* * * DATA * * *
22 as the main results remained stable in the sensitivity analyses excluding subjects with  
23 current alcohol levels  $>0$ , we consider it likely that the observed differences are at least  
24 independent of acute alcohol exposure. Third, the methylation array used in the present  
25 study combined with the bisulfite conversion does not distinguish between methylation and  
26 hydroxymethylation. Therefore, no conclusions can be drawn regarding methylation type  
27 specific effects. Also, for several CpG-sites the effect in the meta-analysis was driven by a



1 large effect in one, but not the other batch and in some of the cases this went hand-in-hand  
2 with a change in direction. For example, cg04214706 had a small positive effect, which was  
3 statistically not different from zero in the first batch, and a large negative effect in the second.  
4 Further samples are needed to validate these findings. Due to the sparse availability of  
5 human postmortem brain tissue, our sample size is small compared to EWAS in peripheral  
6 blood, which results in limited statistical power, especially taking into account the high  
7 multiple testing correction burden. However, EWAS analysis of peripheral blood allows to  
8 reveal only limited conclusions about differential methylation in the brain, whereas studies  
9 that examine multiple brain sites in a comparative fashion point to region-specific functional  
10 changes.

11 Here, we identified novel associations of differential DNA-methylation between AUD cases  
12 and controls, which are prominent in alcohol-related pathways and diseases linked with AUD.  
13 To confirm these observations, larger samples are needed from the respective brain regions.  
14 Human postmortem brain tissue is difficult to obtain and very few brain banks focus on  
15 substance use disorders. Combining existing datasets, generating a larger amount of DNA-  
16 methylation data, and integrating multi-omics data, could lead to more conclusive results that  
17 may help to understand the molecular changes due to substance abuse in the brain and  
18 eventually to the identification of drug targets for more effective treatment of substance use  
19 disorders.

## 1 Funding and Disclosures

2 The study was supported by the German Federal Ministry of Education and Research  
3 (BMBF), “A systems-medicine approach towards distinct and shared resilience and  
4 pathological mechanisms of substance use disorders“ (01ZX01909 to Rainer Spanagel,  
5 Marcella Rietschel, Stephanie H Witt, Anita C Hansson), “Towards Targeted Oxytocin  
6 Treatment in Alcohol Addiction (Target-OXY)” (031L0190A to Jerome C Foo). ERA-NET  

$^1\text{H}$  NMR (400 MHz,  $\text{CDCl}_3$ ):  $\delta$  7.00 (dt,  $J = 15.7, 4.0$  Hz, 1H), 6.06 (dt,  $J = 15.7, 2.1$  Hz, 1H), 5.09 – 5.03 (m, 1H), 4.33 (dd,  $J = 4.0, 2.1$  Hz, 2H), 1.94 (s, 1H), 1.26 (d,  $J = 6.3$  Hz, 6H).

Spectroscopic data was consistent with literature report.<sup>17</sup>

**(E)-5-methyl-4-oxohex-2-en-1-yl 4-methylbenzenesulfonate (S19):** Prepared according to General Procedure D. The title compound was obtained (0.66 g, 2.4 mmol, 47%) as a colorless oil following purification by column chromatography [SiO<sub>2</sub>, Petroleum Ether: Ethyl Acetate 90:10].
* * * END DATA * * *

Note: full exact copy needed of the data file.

22 as the main results remained stable in the sensitivity analyses excluding subjects with  
23 current alcohol levels  $>0$ , we consider it likely that the observed differences are at least  
24 independent of acute alcohol exposure. Third, the methylation array used in the present  
25 study combined with the bisulfite conversion does not distinguish between methylation and  
26 hydroxymethylation. Therefore, no conclusions can be drawn regarding methylation type  
27 specific effects. Also, for several CpG-sites the effect in the meta-analysis was driven by a



1 large effect in one, but not the other batch and in some of the cases this went hand-in-hand  
2 with a change in direction. For example, cg04214706 had a small positive effect, which was  
3 statistically not different from zero in the first batch, and a large negative effect in the second.  
4 Further samples are needed to validate these findings. Due to the sparse availability of  
5 human postmortem brain tissue, our sample size is small compared to EWAS in peripheral  
6 blood, which results in limited statistical power, especially taking into account the high  
7 multiple testing correction burden. However, EWAS analysis of peripheral blood allows to  
8 reveal only limited conclusions about differential methylation in the brain, whereas studies  
9 that examine multiple brain sites in a comparative fashion point to region-specific functional  
10 changes.

11 Here, we identified novel associations of differential DNA-methylation between AUD cases  
12 and controls, which are prominent in alcohol-related pathways and diseases linked with AUD.  
13 To confirm these observations, larger samples are needed from the respective brain regions.  
14 Human postmortem brain tissue is difficult to obtain and very few brain banks focus on  
15 substance use disorders. Combining existing datasets, generating a larger amount of DNA-  
16 methylation data, and integrating multi-omics data, could lead to more conclusive results that  
17 may help to understand the molecular changes due to substance abuse in the brain and  
18 eventually to the identification of drug targets for more effective treatment of substance use  
19 disorders.

## 1 Funding and Disclosures

2 The study was supported by the German Federal Ministry of Education and Research  
3 (BMBF), “A systems-medicine approach towards distinct and shared resilience and  
4 pathological mechanisms of substance use disorders“ (01ZX01909 to Rainer Spanagel,  
5 Marcella Rietschel, Stephanie H Witt, Anita C Hansson), “Towards Targeted Oxytocin  
6 Treatment in Alcohol Addiction (Target-OXY)” (031L0190A to Jerome C Foo). ERA-NET  

$^1\text{H}$  NMR (400 MHz,  $\text{CDCl}_3$ ):  $\delta$  7.00 (dt,  $J = 15.7, 4.0$  Hz, 1H), 6.06 (dt,  $J = 15.7, 2.1$  Hz, 1H), 5.09 – 5.03 (m, 1H), 4.33 (dd,  $J = 4.0, 2.1$  Hz, 2H), 1.94 (s, 1H), 1.26 (d,  $J = 6.3$  Hz, 6H).

Spectroscopic data was consistent with literature report.<sup>17</sup>

**(E)-5-methyl-4-oxohex-2-en-1-yl 4-methylbenzenesulfonate (S19):** Prepared according to General Procedure D. The title compound was obtained (0.66 g, 2.4 mmol, 47%) as a colorless oil following purification by column chromatography [SiO<sub>2</sub>, Petroleum Ether: Ethyl Acetate 90:10].